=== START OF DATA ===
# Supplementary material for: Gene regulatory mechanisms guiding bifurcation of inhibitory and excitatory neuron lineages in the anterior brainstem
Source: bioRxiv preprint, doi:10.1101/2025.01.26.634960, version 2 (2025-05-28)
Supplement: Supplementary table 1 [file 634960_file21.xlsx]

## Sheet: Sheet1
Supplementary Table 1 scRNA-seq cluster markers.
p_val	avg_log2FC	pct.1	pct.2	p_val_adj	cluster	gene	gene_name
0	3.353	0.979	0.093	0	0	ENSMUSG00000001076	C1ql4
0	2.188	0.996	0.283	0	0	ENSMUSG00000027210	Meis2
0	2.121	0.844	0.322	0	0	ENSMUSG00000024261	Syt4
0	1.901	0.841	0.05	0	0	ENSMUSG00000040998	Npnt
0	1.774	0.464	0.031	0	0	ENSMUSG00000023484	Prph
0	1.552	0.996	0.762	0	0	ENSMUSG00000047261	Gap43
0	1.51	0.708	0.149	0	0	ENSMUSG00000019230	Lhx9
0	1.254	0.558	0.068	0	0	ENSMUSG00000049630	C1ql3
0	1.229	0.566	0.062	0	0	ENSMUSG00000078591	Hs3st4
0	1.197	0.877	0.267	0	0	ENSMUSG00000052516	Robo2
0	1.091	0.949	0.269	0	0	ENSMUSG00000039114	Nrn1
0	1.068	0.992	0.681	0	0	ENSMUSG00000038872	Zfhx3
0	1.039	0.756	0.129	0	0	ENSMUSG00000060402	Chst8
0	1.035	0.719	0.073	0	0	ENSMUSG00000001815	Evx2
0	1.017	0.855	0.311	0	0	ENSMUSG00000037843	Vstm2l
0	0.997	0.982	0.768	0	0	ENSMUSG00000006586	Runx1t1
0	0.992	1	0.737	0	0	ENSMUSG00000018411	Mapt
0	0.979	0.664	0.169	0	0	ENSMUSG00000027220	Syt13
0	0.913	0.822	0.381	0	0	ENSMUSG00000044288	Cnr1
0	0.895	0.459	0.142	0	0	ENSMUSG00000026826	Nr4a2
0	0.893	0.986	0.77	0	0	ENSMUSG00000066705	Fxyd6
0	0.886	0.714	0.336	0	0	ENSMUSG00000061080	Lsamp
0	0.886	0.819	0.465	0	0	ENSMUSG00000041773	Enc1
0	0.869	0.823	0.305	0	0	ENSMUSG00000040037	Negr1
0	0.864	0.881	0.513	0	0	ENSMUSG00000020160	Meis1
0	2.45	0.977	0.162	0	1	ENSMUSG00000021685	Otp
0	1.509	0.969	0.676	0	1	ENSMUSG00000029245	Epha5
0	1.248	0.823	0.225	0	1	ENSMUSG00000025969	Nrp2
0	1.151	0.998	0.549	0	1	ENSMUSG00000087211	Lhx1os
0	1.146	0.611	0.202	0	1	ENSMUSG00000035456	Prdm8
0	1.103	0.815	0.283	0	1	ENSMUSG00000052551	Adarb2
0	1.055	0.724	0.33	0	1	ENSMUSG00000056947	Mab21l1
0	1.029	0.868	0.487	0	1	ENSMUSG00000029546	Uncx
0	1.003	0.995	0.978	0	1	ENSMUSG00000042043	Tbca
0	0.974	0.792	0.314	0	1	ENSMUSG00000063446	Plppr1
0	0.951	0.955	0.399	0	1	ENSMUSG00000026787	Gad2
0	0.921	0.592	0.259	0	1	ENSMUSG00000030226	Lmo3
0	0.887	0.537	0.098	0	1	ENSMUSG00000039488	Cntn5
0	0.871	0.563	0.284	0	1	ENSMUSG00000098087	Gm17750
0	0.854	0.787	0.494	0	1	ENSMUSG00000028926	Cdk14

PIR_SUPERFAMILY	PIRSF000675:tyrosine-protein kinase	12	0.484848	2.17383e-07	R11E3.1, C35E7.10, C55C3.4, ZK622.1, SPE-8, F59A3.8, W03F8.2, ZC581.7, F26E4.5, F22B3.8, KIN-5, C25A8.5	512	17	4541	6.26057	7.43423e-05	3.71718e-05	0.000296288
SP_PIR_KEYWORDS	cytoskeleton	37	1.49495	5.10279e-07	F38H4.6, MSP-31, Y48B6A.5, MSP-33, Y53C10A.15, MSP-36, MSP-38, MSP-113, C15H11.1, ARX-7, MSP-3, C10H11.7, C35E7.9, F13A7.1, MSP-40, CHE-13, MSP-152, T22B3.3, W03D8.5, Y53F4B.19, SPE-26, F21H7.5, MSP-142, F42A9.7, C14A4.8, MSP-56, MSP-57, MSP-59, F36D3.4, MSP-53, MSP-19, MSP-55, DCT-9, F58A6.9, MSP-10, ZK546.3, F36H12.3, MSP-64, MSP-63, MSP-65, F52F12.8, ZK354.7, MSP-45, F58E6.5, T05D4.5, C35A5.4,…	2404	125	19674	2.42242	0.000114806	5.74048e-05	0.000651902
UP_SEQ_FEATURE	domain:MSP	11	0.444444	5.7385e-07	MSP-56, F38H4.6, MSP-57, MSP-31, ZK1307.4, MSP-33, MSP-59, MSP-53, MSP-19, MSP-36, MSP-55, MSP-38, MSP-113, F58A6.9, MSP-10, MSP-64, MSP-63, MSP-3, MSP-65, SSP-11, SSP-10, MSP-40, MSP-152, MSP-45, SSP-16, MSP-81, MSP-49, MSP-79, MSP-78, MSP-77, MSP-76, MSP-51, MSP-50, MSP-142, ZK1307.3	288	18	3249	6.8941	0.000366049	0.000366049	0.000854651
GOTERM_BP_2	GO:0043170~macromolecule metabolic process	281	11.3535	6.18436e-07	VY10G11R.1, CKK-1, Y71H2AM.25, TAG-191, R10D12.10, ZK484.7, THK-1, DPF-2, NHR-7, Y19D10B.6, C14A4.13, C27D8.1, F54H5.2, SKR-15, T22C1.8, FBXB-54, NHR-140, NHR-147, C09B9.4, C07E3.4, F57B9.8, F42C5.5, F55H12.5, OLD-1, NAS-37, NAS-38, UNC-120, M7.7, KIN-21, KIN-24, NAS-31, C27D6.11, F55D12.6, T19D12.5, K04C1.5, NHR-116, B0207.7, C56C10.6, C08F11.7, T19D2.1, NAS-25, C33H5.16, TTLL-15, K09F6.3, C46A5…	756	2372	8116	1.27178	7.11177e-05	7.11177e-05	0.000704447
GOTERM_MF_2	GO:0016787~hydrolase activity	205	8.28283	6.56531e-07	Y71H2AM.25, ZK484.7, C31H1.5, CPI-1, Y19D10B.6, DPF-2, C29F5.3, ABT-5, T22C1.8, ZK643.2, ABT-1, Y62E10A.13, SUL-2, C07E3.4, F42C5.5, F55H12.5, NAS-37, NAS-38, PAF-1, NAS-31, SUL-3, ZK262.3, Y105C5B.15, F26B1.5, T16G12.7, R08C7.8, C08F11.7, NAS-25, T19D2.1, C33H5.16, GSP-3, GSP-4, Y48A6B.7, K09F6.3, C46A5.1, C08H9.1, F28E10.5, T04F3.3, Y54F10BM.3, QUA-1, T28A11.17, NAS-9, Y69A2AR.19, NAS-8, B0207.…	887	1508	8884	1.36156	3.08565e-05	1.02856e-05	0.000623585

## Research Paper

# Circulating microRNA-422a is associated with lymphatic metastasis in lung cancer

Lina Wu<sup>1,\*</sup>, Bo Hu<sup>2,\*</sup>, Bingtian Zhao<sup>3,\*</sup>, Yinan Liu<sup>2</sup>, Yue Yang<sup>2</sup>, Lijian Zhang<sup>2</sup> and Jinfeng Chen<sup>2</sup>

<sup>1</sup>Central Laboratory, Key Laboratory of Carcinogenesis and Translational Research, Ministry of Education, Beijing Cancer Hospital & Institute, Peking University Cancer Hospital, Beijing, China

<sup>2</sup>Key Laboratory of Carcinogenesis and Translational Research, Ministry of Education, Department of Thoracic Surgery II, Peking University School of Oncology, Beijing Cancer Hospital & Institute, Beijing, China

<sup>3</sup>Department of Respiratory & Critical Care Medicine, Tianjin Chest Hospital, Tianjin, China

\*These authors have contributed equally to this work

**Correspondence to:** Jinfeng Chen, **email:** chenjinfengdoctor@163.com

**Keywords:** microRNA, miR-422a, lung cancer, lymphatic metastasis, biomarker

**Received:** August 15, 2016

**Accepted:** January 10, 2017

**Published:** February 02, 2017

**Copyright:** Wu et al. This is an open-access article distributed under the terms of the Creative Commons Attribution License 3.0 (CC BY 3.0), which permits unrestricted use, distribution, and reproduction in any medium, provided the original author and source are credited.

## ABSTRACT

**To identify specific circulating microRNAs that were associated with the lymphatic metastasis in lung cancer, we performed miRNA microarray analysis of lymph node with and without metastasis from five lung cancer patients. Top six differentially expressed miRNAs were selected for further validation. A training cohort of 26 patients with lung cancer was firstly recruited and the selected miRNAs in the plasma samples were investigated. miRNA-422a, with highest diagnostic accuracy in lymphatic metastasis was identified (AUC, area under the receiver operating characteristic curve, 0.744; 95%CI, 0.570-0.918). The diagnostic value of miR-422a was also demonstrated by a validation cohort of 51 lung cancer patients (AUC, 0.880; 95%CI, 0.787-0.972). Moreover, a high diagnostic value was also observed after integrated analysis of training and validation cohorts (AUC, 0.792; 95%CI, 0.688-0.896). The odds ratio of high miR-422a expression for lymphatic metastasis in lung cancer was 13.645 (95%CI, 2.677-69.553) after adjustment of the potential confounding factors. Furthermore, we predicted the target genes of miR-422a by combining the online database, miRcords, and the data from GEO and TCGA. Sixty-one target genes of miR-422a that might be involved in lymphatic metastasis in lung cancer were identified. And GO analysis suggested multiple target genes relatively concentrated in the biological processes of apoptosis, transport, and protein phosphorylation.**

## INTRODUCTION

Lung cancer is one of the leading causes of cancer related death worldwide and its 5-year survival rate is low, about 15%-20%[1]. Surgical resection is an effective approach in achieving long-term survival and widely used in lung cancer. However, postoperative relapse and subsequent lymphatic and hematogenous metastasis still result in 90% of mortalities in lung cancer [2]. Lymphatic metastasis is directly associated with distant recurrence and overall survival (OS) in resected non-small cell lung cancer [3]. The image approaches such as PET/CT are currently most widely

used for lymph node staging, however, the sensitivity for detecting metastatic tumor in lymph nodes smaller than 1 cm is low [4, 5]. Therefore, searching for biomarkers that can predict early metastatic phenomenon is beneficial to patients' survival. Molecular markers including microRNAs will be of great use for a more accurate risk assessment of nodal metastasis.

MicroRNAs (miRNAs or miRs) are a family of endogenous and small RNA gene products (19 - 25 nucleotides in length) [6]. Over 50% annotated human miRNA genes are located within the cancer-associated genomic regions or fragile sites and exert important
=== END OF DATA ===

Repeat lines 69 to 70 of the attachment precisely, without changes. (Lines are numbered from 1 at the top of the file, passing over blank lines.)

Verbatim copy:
used for lymph node staging, however, the sensitivity for detecting metastatic tumor in lymph nodes smaller than 1 cm is low [4, 5]. Therefore, searching for biomarkers that can predict early metastatic phenomenon is beneficial to patients' survival. Molecular markers including microRNAs will be of great use for a more accurate risk assessment of nodal metastasis.

MicroRNAs (miRNAs or miRs) are a family of endogenous and small RNA gene products (19 - 25 nucleotides in length) [6]. Over 50% annotated human miRNA genes are located within the cancer-associated genomic regions or fragile sites and exert important